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Australian professionals fill hole dug by mining slowdown
[SYDNEY] As Australia's cooling mining sector lays off workers, an army of white-collar professionals is more than filling the employment gap, courtesy of a housing sector stoked by record low interest rates.
In the year to February, 99,000 net new positions were created in the professional, scientific and technical services sector, a category stuffed with architects, engineers and lawyers.
That's twice as many as were lost to mining, which shed almost a fifth of its workers over the year.
The professional sector now employs a record 987,800 people, more than manufacturing and the fourth-biggest employer overall, official data released last month showed. "The home-building boom is serving to lift a raft of boats,"said Craig James, chief economist at CommSec.
In 2014, new home starts hit a record of nearly 200,000, official data showed. "Architects, carpenters, building material suppliers, hardware and homemaker stores are just some of the areas benefiting from the building boom," said James.
Sydney-based Luigi Rosselli Architects, which expanded its team by 10-20 per cent in the past year, is among the beneficiaries. "Now the work just comes in by emails and telephone. Before, you had to be much more proactive," Rosselli, who counts Chinese investors, bankers, doctors and lawyers among his clients, told Reuters. "The worst bit was around 2009. Then we had around 25-30 projects at a time. Now we've got 40-45 projects going. The value of work that we were working at the time was around A$40 million (US$31 million). Now we're close to the A$90-$100 million mark."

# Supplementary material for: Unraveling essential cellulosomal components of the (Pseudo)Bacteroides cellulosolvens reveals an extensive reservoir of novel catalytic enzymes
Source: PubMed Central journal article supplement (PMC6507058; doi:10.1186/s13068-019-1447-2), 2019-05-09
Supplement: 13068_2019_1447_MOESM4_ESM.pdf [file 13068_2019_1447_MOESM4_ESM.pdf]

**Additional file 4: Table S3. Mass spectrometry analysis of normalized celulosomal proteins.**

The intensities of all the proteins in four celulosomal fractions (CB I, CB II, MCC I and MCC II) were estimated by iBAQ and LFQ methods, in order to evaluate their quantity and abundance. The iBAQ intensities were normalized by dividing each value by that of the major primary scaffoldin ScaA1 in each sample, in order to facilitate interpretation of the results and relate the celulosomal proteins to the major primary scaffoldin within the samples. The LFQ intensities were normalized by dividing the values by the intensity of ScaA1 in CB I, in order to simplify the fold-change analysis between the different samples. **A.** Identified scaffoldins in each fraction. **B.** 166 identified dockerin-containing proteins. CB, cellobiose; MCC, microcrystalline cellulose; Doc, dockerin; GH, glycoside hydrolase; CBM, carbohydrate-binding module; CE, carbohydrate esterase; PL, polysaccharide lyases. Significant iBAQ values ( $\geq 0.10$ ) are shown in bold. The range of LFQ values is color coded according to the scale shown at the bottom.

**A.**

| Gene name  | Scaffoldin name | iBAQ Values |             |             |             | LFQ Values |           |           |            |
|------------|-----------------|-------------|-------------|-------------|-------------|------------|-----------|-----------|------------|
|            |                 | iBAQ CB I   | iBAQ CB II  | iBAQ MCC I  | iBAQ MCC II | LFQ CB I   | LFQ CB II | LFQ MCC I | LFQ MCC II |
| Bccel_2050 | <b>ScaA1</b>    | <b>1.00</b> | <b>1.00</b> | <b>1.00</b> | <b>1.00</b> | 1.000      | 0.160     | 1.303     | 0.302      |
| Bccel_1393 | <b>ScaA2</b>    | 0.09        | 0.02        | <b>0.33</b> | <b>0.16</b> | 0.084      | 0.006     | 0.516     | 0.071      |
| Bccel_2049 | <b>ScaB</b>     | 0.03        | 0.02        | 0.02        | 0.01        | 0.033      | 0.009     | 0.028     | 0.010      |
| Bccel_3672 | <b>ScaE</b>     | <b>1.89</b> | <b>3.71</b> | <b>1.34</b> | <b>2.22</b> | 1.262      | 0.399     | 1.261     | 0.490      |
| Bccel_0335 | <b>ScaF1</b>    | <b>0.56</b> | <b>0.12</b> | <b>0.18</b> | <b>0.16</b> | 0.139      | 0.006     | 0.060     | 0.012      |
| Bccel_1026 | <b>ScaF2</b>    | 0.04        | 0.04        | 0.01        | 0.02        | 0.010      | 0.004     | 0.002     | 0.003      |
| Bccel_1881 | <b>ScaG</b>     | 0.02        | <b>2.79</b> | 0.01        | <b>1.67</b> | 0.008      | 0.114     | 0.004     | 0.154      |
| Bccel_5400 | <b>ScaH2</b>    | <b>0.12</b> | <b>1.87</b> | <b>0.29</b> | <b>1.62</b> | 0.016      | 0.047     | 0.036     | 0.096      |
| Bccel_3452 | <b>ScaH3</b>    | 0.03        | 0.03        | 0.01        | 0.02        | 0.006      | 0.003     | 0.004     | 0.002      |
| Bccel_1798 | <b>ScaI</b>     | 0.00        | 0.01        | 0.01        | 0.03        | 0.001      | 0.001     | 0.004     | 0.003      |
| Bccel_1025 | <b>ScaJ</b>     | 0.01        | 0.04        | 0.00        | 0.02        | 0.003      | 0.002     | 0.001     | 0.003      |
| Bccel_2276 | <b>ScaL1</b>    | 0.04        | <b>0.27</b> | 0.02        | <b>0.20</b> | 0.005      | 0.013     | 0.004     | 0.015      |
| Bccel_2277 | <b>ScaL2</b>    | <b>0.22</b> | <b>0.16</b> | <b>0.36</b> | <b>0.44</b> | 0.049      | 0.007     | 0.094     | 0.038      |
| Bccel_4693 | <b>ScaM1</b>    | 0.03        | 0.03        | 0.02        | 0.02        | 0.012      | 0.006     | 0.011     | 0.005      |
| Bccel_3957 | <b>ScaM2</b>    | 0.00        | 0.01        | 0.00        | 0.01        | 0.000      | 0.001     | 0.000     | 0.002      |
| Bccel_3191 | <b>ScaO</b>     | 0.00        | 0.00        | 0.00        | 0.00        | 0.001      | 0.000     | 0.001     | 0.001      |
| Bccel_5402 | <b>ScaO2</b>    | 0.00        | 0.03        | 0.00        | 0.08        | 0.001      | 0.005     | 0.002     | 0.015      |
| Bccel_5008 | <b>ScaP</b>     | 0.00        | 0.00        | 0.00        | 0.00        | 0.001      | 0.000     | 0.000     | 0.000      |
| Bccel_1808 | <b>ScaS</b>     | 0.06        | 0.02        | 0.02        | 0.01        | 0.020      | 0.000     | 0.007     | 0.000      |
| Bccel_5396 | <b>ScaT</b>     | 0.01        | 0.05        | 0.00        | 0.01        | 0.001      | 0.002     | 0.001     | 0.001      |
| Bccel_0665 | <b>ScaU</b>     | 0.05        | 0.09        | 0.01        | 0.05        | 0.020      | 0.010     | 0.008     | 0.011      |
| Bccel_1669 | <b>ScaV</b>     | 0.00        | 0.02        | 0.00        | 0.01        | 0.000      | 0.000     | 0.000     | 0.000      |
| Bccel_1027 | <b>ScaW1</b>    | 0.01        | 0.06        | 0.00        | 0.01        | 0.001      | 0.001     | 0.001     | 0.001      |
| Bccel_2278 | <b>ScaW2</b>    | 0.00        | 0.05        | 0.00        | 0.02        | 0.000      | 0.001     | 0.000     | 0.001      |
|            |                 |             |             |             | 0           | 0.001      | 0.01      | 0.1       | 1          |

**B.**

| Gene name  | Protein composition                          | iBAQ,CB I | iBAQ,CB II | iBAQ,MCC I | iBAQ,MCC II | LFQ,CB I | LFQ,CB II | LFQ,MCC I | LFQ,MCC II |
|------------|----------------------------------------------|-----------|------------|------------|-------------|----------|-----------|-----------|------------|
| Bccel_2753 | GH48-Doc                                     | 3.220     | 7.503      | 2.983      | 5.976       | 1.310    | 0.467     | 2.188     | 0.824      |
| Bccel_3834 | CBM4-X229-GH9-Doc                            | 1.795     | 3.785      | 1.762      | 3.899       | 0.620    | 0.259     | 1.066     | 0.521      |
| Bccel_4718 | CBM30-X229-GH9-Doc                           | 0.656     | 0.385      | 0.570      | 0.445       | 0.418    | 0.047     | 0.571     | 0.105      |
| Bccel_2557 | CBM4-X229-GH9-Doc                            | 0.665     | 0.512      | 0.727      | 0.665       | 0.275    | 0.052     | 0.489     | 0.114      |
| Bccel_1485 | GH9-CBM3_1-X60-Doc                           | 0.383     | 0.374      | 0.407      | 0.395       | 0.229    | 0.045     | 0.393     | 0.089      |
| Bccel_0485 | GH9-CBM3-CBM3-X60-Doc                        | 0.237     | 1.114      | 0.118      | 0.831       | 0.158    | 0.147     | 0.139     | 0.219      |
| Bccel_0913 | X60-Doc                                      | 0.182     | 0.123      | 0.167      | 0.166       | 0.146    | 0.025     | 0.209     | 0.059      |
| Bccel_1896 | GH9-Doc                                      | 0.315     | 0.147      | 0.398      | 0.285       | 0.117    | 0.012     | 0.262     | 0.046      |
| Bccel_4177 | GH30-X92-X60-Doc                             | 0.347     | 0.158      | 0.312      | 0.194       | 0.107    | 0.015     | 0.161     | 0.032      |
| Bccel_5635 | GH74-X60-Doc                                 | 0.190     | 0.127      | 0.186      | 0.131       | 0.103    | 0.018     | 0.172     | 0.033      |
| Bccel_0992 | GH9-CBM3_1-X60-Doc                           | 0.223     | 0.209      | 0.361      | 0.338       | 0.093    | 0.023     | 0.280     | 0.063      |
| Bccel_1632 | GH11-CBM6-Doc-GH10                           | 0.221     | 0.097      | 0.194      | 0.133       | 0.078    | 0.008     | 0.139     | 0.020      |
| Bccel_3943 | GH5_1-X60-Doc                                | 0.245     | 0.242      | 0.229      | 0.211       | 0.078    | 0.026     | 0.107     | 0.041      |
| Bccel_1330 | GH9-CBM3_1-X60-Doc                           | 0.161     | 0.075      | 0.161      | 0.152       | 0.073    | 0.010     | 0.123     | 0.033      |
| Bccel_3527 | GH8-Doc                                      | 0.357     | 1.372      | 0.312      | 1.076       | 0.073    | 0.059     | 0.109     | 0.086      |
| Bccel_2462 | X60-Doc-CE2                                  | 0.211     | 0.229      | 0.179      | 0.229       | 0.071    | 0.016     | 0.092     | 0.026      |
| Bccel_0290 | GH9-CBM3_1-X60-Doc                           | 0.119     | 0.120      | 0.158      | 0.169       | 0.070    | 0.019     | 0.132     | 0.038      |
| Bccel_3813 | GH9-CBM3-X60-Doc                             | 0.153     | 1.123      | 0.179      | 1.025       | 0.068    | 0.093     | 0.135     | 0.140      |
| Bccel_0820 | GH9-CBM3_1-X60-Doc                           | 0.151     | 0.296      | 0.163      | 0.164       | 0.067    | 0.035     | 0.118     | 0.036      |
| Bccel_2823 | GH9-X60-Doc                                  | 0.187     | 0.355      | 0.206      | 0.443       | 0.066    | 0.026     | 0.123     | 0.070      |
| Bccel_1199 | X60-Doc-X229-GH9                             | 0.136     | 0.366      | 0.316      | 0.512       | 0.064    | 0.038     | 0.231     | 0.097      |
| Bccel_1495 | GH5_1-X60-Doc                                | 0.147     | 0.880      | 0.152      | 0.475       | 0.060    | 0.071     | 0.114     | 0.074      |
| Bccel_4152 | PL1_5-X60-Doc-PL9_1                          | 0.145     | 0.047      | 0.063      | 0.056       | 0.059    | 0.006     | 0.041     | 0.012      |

Led by unprecedented approvals for high-rise apartments, housing construction activity is expected to hit a fresh high in 2015, analysts at ANZ said, adding annual housing starts should top out at 210,000 dwellings this year. "Moreover, high-rise apartment construction lags are likely to sustain construction activity for longer than previous cycles," said David Cannington, senior economist at ANZ.
The employment figures for professionals, due to be updated in June, look likely to improve after the latest data showed a surprising pick-up in overall jobs growth in March and upward revisions to the previous month.
In March, the unemployment rate fell back to 6.1 per cent from a revised 6.2 per cent. It has been ranging between 5.9 and 6.3 per cent over the past year, defying predictions of a deteriorating labour market.
That is in part because mining, though struggling, is a small employer overall, accounting for just 1.8 per cent of the country's workers even though it accounts for around 10 per cent of gross domestic product.
All of which is welcome news to the Reserve Bank of Australia, which was able to eschew a cut in interest rates this month.
Even so, markets expect the central bank will deliver another 50 basis points of easing over the coming year, taking the cash rate from 2.25 per cent to new record lows, as employers are not fully embracing the "animal spirits" that RBA governor Glenn Stevens has repeatedly urged. "I am a little more cautious in taking on staff after being very badly burnt in the (global financial crisis)," said Justin Loe, director of architectural firm Bayview Design Group in Sydney, who currently has four people in his team. "However, I am looking for staff. We are getting busier," he said.